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Words of wisdom!

By Harbans Mukhia

K. S. Sudarshan is reproducing the ideological constructs of precisely that despicable West he would like India to turn its back upon.

IT IS very seldom that K. S. Sudarshan, Sarsanghchalak of the Rashtriya Swayamsevak Sangh (RSS), in any public utterance fails to lambast the Indian Muslims for being bullies (and correspondingly the Hindus for being cowards) or for refusing to own up the ancient Hindu mythological figures such as Ram and Krishna. Nor does he fail to cite the example of Indonesian Muslims in contrast who actually own up the figure of Ram in their land, and not being the worse for it. In his much-awaited public address to Delhi's `intelligentsia' on Mahatma Gandhi's birthday, he repeated these gems of wisdom, as expected. These seem to constitute the limits of his knowledge about Islam and Hinduism. The other highlight of his address as reported in the press was staunch hostility to western forms of economy, knowledge, culture, even means of achieving hygiene for which we Indians are, he assured us, much better equipped thanks to the almost unlimited availability of cow's urine.

One assumes that Mr. Sudarshan finds all the learning that the RSS in its shakhas imparts for the complete education of an Indian, especially a Hindu, adequate. Those of us Indians, including Hindus, who did not have the benefit of getting educated in the shakhas, but elsewhere in schools and colleges, will feel rather disturbed on two counts. One, the grouping together of all Muslims and all Hindus under single heads is actually the legacy of Western intellectual endeavour from the 18th century onward and in particular of the British colonial regime in India. The RSS has entirely and unquestioningly imbibed all of this and keeps diffusing in its shakhas and in such momentous public addresses as Mr. Sudarshan gave on October 2 and is likely to repeat on several other occasions.

Second, his assumption that the Indian Muslims withdraw themselves from any identification with Hindu religious or cultural symbols is derived from his probably brief and limited acquaintance with his own counterparts among the Muslims persons such as Imam Bukhari or Syed Shahabuddin. Just as Mr. Sudarshan projects himself and persons such as Ashok Singhal and Praveen Togadia as the exclusive representatives of the Hindu community, religion and culture, he also accepts the Imam and Mr. Shahabuddin as the exclusive representatives of the Muslim community, religion and culture. For him there are no other shades outside of these, one pure white, the other a deep black, but necessary for the sustenance of the first.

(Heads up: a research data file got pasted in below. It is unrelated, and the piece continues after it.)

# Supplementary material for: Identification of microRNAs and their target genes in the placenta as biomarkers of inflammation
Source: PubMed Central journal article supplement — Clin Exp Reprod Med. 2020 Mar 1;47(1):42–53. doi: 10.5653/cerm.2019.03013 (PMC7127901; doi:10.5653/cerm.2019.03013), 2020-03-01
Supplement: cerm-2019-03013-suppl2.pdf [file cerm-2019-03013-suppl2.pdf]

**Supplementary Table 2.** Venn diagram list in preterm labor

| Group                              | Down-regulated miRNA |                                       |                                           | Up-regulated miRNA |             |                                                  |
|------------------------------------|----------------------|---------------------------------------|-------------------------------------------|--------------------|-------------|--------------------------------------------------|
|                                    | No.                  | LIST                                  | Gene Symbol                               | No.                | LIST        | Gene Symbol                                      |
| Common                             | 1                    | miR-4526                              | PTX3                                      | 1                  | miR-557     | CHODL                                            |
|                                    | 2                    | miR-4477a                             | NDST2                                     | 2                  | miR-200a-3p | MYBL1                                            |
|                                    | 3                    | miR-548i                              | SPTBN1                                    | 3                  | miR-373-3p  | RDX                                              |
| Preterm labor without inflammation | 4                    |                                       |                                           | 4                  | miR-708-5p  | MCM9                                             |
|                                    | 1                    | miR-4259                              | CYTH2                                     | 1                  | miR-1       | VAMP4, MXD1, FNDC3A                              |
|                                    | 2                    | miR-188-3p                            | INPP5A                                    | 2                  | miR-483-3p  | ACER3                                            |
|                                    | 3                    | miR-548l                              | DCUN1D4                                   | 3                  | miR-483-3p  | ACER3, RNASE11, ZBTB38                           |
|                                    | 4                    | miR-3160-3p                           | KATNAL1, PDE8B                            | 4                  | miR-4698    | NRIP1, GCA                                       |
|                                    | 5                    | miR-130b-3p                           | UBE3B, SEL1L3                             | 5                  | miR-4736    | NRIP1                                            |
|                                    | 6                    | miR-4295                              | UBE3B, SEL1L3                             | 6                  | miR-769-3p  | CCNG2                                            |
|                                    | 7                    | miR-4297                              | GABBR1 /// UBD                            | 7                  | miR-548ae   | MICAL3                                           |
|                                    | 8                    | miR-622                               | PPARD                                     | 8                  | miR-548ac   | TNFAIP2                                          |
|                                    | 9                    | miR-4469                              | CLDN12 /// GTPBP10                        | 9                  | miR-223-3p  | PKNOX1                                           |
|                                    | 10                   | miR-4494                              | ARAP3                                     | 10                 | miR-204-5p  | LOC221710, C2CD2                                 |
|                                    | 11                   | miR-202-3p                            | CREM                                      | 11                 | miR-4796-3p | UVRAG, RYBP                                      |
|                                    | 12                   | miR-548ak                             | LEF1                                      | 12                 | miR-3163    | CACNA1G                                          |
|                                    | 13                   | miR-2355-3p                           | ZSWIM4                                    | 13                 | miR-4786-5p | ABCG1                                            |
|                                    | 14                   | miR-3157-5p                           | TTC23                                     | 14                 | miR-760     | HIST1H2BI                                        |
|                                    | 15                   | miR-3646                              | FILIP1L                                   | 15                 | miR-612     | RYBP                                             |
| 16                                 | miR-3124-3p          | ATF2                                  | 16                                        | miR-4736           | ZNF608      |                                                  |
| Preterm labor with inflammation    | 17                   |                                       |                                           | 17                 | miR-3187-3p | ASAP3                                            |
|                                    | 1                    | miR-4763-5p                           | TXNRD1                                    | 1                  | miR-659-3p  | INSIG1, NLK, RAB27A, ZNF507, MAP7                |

The first point first. The coming of Islam to India from the 10th century on mediated through various agencies conquerors, theologians, sufi saints, traders, poets, scholars created several Muslim images of the Hindus, the term itself being of Arabic coinage. For the conquerors, the Hindus were the archenemy whose territory was open for grabbing through the battlefield. Incidentally, other Muslim rulers too were similar enemies, for their territory had no more sanctity against raids.

Mahmud of Ghazni, the archetypical Muslim conqueror, also had no problem employing 300 Hindu soldiers and one General Tilak for waging wars against other Hindus and they in turn had no problem helping him either. For theologians, the Hindus were kafirs, who needed to be converted to Islam by persuasion or force. For poets, however, kafir was the term of endearment, always used as synonym for the beloved. Sufis sought love rather than subjugation as the path of salvation for all humankind. Hindus for them were no enemies, but friends. Traders in their turn were more keen on earning their profits from wherever they could and hardly cared about the religious identity of their customers. Of scholars, al-Biruni was the most outstanding, hardly the one who would think of killing or converting the Hindus. But for al-Biruni our knowledge and understanding of the Hindu religion and society of his day would be so much poorer.